On Saturday, after having brunch with one of my bridesmaids, Ian and I toodled on over to Black Swan on Whyte Ave. Black Swan specialized in vintage jewellery. Despite having a beautiful selection, nothing there really tickled my fancy. We then hopped over to Decade to Decade, who really focus on vintage furniture and had a small collection of vintage rings that I felt just didn't fit with me.
We were on the hunt for a simple but unique ring, preferably from the 1930s-1950s. We were open to any stone and setting, but since I have very small hands and rarely wear jewellery, it had to be simple, understated and classic (not to mention affordable!).
On Sunday, we were prepared to spend the entire day at antique stores like Beck Antiques & Jewellery, Old Strathcona Antique Mall, and Rocky Mountain Antique Mall, hunting for the perfect ring.
Our first stop was Beck's, which is not only an antiques store but also offers repairing services, as well as an on-staff gemologist. It was our first visit, and as soon as we walked in we got a good vibe. The store was well organized, we were greeted right away by Clinton and were left to browse while he helped another customer.
Once we were ready to look at rings, we noticed that their engagement rings are sorted and labeled in the display case by price, meaning that you won't put on a ring and fall in love and realize that it's out of your budget. Clinton also mentioned that all diamonds are sold wholesale - meaning you pay what other jewellers in Edmonton pay - and that if we had a stone that we liked but no band, one could be made for us. He also gave us a brief history of engagement ring styles during the 30s & 40s. There were no hard sales and no pressure: just straight up education.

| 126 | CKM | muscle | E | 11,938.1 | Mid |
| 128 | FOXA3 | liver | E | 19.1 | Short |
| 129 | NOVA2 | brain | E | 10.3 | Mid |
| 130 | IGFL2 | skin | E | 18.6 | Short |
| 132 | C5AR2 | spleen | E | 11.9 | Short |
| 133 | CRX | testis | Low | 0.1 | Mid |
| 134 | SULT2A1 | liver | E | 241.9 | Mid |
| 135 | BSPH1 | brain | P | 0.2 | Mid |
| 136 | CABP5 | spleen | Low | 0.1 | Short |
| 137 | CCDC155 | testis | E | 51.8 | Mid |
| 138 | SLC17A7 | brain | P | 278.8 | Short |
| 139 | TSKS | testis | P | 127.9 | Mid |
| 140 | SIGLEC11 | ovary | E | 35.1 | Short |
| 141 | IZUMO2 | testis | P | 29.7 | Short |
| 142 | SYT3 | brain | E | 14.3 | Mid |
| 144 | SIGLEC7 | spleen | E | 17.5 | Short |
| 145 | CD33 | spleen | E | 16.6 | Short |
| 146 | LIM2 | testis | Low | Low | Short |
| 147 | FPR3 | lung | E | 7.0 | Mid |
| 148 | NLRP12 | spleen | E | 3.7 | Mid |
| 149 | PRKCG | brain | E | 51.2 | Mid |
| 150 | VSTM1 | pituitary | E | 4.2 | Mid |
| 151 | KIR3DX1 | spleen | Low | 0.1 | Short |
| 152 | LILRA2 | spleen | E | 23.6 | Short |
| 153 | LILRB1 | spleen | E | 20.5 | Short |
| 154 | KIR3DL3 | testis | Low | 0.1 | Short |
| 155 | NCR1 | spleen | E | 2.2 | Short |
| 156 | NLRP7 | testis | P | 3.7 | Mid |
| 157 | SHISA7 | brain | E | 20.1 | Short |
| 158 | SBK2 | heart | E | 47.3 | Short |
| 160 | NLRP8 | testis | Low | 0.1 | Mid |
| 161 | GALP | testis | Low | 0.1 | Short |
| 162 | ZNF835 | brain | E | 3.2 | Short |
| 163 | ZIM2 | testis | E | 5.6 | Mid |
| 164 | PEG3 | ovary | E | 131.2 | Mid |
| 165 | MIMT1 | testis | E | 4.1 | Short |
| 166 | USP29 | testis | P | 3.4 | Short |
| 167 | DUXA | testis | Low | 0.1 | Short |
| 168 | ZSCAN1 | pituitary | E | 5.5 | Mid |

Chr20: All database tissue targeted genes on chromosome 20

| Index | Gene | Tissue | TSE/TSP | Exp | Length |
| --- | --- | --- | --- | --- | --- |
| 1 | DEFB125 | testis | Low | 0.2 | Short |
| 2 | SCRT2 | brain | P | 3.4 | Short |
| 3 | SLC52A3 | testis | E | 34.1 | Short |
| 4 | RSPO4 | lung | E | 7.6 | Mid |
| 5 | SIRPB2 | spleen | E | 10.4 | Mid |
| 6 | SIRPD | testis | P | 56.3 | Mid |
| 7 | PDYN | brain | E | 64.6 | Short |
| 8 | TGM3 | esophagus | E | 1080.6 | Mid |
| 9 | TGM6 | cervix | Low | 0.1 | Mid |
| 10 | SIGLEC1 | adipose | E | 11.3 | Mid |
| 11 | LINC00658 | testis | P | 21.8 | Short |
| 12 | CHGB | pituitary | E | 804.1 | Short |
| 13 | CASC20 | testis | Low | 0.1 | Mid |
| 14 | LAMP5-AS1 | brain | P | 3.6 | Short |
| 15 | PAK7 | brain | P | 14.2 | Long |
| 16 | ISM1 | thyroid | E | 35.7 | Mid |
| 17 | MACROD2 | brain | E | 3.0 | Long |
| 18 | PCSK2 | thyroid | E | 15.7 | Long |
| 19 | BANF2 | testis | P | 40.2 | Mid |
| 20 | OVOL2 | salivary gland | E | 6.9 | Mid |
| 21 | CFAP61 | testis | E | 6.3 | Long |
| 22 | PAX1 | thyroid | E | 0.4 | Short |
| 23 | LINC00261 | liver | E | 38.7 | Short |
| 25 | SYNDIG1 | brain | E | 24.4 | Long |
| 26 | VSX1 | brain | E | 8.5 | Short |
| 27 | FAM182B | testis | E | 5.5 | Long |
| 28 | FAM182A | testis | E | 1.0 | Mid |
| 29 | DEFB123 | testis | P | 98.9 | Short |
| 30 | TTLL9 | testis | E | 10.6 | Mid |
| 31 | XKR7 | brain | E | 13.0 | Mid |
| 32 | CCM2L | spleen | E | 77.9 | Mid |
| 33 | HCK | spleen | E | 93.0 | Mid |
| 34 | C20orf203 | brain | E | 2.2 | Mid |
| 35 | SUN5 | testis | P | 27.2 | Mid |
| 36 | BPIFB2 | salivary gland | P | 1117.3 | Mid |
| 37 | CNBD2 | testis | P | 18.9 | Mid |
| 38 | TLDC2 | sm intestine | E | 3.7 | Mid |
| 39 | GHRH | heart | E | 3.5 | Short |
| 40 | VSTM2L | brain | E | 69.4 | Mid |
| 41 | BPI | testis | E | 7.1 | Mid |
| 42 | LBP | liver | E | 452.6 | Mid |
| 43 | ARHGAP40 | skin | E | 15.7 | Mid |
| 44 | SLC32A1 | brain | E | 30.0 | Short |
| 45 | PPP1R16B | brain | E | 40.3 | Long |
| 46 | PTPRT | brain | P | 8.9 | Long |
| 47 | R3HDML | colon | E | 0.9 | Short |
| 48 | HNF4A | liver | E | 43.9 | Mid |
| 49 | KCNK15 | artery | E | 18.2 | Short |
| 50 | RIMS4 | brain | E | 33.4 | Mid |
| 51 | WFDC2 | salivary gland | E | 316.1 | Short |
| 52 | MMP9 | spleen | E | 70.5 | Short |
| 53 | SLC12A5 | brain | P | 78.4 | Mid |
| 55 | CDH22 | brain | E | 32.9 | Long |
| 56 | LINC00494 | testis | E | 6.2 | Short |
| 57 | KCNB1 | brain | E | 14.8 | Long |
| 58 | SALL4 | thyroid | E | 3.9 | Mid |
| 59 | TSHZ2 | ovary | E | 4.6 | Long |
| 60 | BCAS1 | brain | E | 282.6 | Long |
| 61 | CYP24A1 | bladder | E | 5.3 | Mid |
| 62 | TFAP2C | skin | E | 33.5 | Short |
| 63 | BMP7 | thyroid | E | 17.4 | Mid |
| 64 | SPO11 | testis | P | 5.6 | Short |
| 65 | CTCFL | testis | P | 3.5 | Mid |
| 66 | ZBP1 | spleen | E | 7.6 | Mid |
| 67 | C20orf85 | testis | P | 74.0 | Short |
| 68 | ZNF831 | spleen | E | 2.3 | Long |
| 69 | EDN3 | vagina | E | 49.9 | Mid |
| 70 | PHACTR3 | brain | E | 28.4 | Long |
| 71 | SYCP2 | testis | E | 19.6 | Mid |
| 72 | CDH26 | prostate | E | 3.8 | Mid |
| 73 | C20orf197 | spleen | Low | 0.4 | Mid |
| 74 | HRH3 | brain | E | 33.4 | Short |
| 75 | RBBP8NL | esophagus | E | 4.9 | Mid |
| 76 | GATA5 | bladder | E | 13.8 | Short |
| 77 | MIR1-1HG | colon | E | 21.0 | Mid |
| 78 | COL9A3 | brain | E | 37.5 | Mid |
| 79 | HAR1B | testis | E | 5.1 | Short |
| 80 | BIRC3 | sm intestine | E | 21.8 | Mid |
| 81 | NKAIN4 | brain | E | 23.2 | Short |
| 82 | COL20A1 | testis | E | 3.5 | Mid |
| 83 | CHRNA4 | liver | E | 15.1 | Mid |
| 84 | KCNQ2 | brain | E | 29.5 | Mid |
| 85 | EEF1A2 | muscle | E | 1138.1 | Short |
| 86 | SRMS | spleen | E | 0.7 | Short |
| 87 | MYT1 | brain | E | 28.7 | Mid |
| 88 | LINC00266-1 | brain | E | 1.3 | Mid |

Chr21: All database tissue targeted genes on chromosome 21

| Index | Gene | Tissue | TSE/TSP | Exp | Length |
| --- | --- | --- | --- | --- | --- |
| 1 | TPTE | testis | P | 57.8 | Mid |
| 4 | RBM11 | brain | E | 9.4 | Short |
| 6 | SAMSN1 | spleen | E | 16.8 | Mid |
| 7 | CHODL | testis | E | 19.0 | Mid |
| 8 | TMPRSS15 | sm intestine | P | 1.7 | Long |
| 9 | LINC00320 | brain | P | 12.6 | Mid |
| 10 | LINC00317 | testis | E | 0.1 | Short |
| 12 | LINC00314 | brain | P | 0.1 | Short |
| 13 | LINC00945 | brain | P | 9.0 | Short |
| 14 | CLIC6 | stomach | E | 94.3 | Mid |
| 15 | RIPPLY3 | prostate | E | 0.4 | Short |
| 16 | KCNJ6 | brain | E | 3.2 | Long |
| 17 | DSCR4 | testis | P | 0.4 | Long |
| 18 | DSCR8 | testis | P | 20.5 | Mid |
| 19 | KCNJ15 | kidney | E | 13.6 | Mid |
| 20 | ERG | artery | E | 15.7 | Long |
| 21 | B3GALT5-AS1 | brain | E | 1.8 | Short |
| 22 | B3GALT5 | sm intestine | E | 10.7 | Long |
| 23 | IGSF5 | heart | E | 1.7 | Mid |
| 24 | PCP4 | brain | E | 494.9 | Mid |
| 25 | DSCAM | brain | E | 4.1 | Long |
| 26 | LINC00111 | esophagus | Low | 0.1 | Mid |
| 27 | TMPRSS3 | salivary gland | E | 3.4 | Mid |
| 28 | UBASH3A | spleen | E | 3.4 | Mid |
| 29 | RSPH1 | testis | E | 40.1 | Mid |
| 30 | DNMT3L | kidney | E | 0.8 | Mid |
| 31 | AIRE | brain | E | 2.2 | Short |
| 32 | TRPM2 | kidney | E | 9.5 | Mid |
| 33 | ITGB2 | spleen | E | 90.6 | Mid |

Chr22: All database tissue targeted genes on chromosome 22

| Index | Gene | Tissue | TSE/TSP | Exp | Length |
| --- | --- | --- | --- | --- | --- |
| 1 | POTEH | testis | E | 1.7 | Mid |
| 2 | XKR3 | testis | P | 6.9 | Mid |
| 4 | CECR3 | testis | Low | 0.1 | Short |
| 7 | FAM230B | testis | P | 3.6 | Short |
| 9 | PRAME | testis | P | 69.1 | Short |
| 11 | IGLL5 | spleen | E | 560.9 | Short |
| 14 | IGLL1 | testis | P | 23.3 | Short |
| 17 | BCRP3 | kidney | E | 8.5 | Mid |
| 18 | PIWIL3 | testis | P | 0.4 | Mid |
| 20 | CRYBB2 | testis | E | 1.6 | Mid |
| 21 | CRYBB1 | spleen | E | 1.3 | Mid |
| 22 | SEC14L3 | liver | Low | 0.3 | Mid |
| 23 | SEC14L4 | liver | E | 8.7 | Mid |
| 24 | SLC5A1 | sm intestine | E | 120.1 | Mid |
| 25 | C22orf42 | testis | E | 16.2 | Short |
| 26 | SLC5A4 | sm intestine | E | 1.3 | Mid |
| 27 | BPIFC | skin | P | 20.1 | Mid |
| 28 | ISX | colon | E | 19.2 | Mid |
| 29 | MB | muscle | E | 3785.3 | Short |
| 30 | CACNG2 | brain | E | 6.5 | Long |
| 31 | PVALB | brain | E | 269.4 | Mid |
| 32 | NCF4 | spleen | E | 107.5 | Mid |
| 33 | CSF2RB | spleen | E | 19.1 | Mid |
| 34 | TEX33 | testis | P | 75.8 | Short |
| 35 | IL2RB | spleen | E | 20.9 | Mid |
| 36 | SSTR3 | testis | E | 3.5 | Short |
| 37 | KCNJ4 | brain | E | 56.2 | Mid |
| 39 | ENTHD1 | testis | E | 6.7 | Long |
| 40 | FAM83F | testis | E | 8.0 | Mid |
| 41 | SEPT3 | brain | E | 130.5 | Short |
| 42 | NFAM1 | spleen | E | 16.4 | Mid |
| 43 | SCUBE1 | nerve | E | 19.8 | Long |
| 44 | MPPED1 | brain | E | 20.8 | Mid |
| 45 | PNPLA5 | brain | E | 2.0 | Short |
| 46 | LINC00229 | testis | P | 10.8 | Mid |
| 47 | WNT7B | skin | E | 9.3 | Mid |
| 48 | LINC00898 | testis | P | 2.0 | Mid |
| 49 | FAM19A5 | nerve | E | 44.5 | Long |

Well I put on one ring and fell in love. I'd describe it to you, but a photo is worth a thousand words. Clinton told us to take it outside and look at it in the sun, and I actually blinded Ian with it.
We agreed that this was "The One", and while we (ok, Ian) set up an account and paid, my ring went through the polisher. The creme-de-la-creme? Clinton threw in a beautiful 1920s ring box because he "knew we'd appreciate it." Um, yeah! Oh, and did I mention that they will make a matching band for me when the time comes? How awesome is that?
We also went ahead a booked a sit-down appointment with Carla, who will appraise our ring, next week. Less than an hour later we were out the door and on our way, and we extremely happy with our experience.
Then Ian was all like "Oh hey, let's go to Fort Edmonton Park and hang out", since we both had the day off and there wasn't much to do. I suspected he had ulterior motives but played dumb (he is TERRIBLE at keeping secrets, which is a good trait for a fiance to have).
As we went through the park Ian kept asking me what my favourite part of the Park was, and nervously checking his pocket. I mentioned that 1920 street was my favourite, and he took this photo from the jewellery shop beside the Capitol Theatre. Talk about foreshadowing.
Then we had drinks & dinner at the lovely Hotel Selkirk. It's pricy, but the Pimms was cold, the service was excellent and supper was delicious.
By the time we were done dinner, the park was closed. We made our way to the entrance/exit as the sun was about to set. Right before the exit is the midway, which was empty. Ian wanted to stop and take some more photos - but you can imagine what happened next.
He got down on one knee and said all these amazingly sweet things and almost made me bawl, and then slipped the ring on my finger. Ian said he was really nervous, even though he had already technically proposed to me last week.
|Very relieved I said yes|